Tecate is a dusty, tired town on the Mexico end of a winding country road popular among the motorcyclists of Southern California. Several centuries ago, when I lived in San Diego, it was possible to take an old train from Campo, California, to Tecate, which gave me a chance to travel a tiny section of the railway that both my grandfathers took en route to basic training during the Second World War (The US-Mexico border was much more fluid and relaxed in those days and the United States’ southernmost rail line danced between the two countries; it is now largely disused).
Within walking distance of the train station was a large open-air taqueria. And towering in the not-too-far distance were the huge, glistening silver vats of the Cervecería Tecate. At lunchtime, its workers made their way to the taqueria, where they stuck out almost as much as the day-tripping gringos. The brewery workers seemed a little taller than everyone else, holding themselves more upright. Their uniforms were spotlessly clean and immaculately pressed – every crease in their shirts and trousers sharp enough to cut. Their hair was styled to perfection. Their work boots shone in the border sun. The pride they felt in working for the brewery was clear. I remember sitting there, eating my carnitas, feeling in awe of them, and I thought: “If they’re going to be so proud of making that beer I’m sure as hell going to drink it.”
That’s what I wish I could do all the time: have my purchasing decisions contribute toward someone somewhere feeling like he or she is the king or queen of their town. That’s the idea behind using the Democracy Index. But it’s a hell of a lot easier said than done. The top 73 countries of the Democracy Index include all of North America, all English speaking countries, the whole of the European Union, Japan, South Korea, India, Taiwan, and Thailand, as well as several other countries in Asia, South America and Africa. You would think that finding motorcycle gear made in the top 73 wouldn’t be that hard, but you’d be wrong. If you haven’t ever paid attention to this sort of thing before, take a look at your kit and I’m willing to bet you’ll find that most or all of it was made in Pakistan (108), Vietnam (136) or China (153).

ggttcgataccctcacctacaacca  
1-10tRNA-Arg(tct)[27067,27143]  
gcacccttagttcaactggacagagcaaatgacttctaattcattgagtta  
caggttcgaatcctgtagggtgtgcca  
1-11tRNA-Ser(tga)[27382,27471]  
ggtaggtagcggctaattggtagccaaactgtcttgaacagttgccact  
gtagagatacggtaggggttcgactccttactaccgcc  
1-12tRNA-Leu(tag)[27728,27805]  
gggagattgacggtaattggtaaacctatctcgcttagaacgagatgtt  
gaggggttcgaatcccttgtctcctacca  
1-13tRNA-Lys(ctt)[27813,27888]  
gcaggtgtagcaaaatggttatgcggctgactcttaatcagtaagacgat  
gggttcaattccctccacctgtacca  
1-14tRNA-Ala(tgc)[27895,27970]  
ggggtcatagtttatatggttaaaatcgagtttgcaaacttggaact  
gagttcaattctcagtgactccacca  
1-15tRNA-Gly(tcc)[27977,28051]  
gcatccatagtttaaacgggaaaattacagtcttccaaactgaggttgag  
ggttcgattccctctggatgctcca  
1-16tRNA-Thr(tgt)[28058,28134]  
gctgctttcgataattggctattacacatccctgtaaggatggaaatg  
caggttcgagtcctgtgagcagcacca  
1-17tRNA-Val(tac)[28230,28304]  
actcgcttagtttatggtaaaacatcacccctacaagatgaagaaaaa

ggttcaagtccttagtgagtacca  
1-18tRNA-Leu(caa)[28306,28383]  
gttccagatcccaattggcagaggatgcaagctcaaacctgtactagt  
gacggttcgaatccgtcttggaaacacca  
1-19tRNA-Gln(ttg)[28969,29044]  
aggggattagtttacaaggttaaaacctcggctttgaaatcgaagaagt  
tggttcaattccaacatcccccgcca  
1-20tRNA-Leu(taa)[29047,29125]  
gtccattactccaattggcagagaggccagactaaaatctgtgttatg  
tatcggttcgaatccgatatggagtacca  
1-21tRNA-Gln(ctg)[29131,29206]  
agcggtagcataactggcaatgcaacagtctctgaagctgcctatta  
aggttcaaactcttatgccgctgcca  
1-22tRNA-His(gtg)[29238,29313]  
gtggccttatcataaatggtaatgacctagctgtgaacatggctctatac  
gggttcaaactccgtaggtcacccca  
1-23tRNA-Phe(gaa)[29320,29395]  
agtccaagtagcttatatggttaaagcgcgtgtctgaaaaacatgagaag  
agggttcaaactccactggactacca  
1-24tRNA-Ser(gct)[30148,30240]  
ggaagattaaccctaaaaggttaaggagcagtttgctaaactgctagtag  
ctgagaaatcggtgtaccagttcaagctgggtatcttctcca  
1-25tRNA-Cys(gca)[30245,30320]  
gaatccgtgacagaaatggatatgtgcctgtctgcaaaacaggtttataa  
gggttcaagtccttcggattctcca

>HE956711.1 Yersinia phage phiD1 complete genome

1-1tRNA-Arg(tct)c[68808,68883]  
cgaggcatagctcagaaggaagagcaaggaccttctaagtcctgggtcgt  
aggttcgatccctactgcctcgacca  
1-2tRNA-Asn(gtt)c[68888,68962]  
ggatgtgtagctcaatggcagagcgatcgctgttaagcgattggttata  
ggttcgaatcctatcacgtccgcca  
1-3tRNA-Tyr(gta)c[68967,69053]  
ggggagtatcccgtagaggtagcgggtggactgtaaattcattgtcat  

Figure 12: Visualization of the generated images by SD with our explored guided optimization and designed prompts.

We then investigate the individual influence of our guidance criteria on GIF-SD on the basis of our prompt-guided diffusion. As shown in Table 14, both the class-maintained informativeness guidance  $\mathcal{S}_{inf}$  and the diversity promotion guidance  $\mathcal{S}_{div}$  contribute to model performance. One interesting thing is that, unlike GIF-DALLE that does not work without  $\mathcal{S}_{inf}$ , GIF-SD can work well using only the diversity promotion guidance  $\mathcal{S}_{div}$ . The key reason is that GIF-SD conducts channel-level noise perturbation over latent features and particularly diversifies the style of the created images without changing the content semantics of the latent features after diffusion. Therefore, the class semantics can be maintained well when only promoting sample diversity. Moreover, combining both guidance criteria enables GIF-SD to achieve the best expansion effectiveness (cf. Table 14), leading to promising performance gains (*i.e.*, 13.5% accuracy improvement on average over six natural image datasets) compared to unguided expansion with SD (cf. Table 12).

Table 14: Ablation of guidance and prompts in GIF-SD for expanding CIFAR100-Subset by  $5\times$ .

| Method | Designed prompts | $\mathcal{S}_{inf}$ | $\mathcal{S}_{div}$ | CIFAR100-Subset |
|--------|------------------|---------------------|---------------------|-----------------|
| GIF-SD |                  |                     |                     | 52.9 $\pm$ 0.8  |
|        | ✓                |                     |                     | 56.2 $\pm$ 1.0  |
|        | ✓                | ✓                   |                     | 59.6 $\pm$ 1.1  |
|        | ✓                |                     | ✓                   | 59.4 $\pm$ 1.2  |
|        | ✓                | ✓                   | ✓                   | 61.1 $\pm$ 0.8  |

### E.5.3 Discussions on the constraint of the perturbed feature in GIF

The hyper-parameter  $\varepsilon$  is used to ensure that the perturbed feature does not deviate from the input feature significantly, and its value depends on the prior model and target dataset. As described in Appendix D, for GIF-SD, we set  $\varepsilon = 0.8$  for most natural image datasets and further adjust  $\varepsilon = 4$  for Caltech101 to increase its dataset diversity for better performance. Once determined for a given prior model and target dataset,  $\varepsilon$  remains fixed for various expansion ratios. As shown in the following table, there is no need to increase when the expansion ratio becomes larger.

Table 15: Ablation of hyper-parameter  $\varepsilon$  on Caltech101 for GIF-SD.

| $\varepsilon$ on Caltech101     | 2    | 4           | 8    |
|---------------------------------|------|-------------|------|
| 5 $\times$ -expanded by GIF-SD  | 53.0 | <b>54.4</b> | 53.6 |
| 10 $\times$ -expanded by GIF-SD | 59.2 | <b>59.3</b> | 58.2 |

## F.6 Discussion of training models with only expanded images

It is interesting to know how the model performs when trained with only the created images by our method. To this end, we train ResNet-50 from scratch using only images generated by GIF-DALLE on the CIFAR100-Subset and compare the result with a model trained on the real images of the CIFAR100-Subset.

I take pride in the fact I have put extra effort and (unfortunately extra money) into ensuring that most of my everyday gear is made in the United States, United Kingdom or European Union. But I’ll admit that my go-to gloves weren’t, nor any of my base layer stuff. Equally, I’ll admit that a lot of the stuff I’ve been given to test, though made outside the top 73, often looks a lot cooler than my “morally upright” gear. I mean, my Aerostich R3 riding suit, for example – that’s pure dork.
Also, there’s the question of whether any of this actually matters. For some people it doesn’t; if a product is good and affordable they simply do not care where it came from nor whether any children lost fingers in the making of it. Other people have suggested to me that my attempt at high-minded decision making may actually exacerbate a negative situation, arguing that I should be willing to buy products from, say, China, because capitalism is the great equalizer. Maybe. I guess your opinion here will be similar to your opinion on whether South Africa under apartheid should have faced economic sanctions.
I’ll admit I’m torn. Largely I believe it should have because bad things are bad and they shouldn’t be rewarded, even when we suspect that the people who are actually being screwed over aren’t the ones making decisions. But it’s OK if you disagree with me. It’s OK if you disagree with my totally emotional stop point in terms of which countries are “OK” to buy from and which ones aren’t. I just think that people should at least be aware of where their stuff is coming from so they can make their own decisions accordingly. That’s why I mention it in gear reviews.